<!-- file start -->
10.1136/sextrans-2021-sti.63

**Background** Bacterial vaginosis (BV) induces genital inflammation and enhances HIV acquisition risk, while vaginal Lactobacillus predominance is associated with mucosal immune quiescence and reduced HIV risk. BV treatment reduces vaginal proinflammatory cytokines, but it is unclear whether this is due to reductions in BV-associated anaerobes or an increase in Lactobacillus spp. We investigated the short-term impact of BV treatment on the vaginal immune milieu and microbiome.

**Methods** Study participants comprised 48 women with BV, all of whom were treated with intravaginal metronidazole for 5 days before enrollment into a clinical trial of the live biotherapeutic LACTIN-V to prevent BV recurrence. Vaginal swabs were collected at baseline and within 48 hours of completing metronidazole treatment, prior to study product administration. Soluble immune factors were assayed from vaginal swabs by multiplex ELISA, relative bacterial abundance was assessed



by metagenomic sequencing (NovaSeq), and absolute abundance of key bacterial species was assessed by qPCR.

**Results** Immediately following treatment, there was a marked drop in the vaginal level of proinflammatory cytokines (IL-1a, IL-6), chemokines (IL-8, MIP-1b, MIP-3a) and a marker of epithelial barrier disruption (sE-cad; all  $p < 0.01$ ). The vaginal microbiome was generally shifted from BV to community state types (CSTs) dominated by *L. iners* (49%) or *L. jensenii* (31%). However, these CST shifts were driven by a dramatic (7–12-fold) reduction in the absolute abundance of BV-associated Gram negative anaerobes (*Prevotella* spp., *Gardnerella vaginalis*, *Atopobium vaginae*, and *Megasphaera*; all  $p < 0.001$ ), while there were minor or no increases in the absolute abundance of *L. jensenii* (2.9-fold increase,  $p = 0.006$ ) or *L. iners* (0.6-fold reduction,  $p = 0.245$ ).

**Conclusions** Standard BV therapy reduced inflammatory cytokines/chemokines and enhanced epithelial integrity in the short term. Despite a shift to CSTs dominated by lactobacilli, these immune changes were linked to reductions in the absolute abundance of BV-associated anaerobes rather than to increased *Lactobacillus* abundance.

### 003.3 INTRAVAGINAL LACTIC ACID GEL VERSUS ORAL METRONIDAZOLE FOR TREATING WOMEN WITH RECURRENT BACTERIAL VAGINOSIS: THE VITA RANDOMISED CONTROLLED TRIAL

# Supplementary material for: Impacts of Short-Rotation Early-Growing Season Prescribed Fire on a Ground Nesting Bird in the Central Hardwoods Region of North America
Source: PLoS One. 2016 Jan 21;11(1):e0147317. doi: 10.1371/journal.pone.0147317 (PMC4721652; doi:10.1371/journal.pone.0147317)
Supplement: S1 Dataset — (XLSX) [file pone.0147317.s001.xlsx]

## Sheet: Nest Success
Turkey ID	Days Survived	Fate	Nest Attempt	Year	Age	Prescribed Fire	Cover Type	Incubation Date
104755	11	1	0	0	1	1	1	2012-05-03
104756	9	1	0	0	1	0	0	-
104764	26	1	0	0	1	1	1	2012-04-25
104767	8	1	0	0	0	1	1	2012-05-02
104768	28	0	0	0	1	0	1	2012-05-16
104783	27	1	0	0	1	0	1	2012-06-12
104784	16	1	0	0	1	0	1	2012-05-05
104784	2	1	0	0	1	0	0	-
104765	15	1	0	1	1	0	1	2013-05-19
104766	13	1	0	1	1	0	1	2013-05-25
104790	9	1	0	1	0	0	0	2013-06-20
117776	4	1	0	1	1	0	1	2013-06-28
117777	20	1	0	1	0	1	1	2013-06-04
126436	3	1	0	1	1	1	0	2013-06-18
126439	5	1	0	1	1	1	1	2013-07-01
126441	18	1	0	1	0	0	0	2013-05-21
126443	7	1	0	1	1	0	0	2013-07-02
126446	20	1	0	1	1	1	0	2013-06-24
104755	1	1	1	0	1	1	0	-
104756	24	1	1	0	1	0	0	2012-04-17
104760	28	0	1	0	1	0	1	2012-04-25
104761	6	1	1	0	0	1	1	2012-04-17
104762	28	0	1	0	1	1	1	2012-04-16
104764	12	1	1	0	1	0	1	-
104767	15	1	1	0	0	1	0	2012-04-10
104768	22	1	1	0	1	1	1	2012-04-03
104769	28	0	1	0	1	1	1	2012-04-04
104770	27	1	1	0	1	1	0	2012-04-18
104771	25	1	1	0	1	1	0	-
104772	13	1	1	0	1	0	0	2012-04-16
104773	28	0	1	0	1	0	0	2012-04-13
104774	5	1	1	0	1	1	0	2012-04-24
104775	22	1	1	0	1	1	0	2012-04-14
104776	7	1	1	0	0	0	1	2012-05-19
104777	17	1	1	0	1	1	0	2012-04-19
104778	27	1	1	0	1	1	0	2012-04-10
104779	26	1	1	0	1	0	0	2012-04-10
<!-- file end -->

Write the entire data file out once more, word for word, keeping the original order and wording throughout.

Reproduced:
10.1136/sextrans-2021-sti.63

**Background** Bacterial vaginosis (BV) induces genital inflammation and enhances HIV acquisition risk, while vaginal Lactobacillus predominance is associated with mucosal immune quiescence and reduced HIV risk. BV treatment reduces vaginal proinflammatory cytokines, but it is unclear whether this is due to reductions in BV-associated anaerobes or an increase in Lactobacillus spp. We investigated the short-term impact of BV treatment on the vaginal immune milieu and microbiome.

**Methods** Study participants comprised 48 women with BV, all of whom were treated with intravaginal metronidazole for 5 days before enrollment into a clinical trial of the live biotherapeutic LACTIN-V to prevent BV recurrence. Vaginal swabs were collected at baseline and within 48 hours of completing metronidazole treatment, prior to study product administration. Soluble immune factors were assayed from vaginal swabs by multiplex ELISA, relative bacterial abundance was assessed



by metagenomic sequencing (NovaSeq), and absolute abundance of key bacterial species was assessed by qPCR.

**Results** Immediately following treatment, there was a marked drop in the vaginal level of proinflammatory cytokines (IL-1a, IL-6), chemokines (IL-8, MIP-1b, MIP-3a) and a marker of epithelial barrier disruption (sE-cad; all  $p < 0.01$ ). The vaginal microbiome was generally shifted from BV to community state types (CSTs) dominated by *L. iners* (49%) or *L. jensenii* (31%). However, these CST shifts were driven by a dramatic (7–12-fold) reduction in the absolute abundance of BV-associated Gram negative anaerobes (*Prevotella* spp., *Gardnerella vaginalis*, *Atopobium vaginae*, and *Megasphaera*; all  $p < 0.001$ ), while there were minor or no increases in the absolute abundance of *L. jensenii* (2.9-fold increase,  $p = 0.006$ ) or *L. iners* (0.6-fold reduction,  $p = 0.245$ ).

**Conclusions** Standard BV therapy reduced inflammatory cytokines/chemokines and enhanced epithelial integrity in the short term. Despite a shift to CSTs dominated by lactobacilli, these immune changes were linked to reductions in the absolute abundance of BV-associated anaerobes rather than to increased *Lactobacillus* abundance.

### 003.3 INTRAVAGINAL LACTIC ACID GEL VERSUS ORAL METRONIDAZOLE FOR TREATING WOMEN WITH RECURRENT BACTERIAL VAGINOSIS: THE VITA RANDOMISED CONTROLLED TRIAL

# Supplementary material for: Impacts of Short-Rotation Early-Growing Season Prescribed Fire on a Ground Nesting Bird in the Central Hardwoods Region of North America
Source: PLoS One. 2016 Jan 21;11(1):e0147317. doi: 10.1371/journal.pone.0147317 (PMC4721652; doi:10.1371/journal.pone.0147317)
Supplement: S1 Dataset — (XLSX) [file pone.0147317.s001.xlsx]

## Sheet: Nest Success
Turkey ID	Days Survived	Fate	Nest Attempt	Year	Age	Prescribed Fire	Cover Type	Incubation Date
104755	11	1	0	0	1	1	1	2012-05-03
104756	9	1	0	0	1	0	0	-
104764	26	1	0	0	1	1	1	2012-04-25
104767	8	1	0	0	0	1	1	2012-05-02
104768	28	0	0	0	1	0	1	2012-05-16
104783	27	1	0	0	1	0	1	2012-06-12
104784	16	1	0	0	1	0	1	2012-05-05
104784	2	1	0	0	1	0	0	-
104765	15	1	0	1	1	0	1	2013-05-19
104766	13	1	0	1	1	0	1	2013-05-25
104790	9	1	0	1	0	0	0	2013-06-20
117776	4	1	0	1	1	0	1	2013-06-28
117777	20	1	0	1	0	1	1	2013-06-04
126436	3	1	0	1	1	1	0	2013-06-18
126439	5	1	0	1	1	1	1	2013-07-01
126441	18	1	0	1	0	0	0	2013-05-21
126443	7	1	0	1	1	0	0	2013-07-02
126446	20	1	0	1	1	1	0	2013-06-24
104755	1	1	1	0	1	1	0	-
104756	24	1	1	0	1	0	0	2012-04-17
104760	28	0	1	0	1	0	1	2012-04-25
104761	6	1	1	0	0	1	1	2012-04-17
104762	28	0	1	0	1	1	1	2012-04-16
104764	12	1	1	0	1	0	1	-
104767	15	1	1	0	0	1	0	2012-04-10
104768	22	1	1	0	1	1	1	2012-04-03
104769	28	0	1	0	1	1	1	2012-04-04
104770	27	1	1	0	1	1	0	2012-04-18
104771	25	1	1	0	1	1	0	-
104772	13	1	1	0	1	0	0	2012-04-16
104773	28	0	1	0	1	0	0	2012-04-13
104774	5	1	1	0	1	1	0	2012-04-24
104775	22	1	1	0	1	1	0	2012-04-14
104776	7	1	1	0	0	0	1	2012-05-19
104777	17	1	1	0	1	1	0	2012-04-19
104778	27	1	1	0	1	1	0	2012-04-10
104779	26	1	1	0	1	0	0	2012-04-10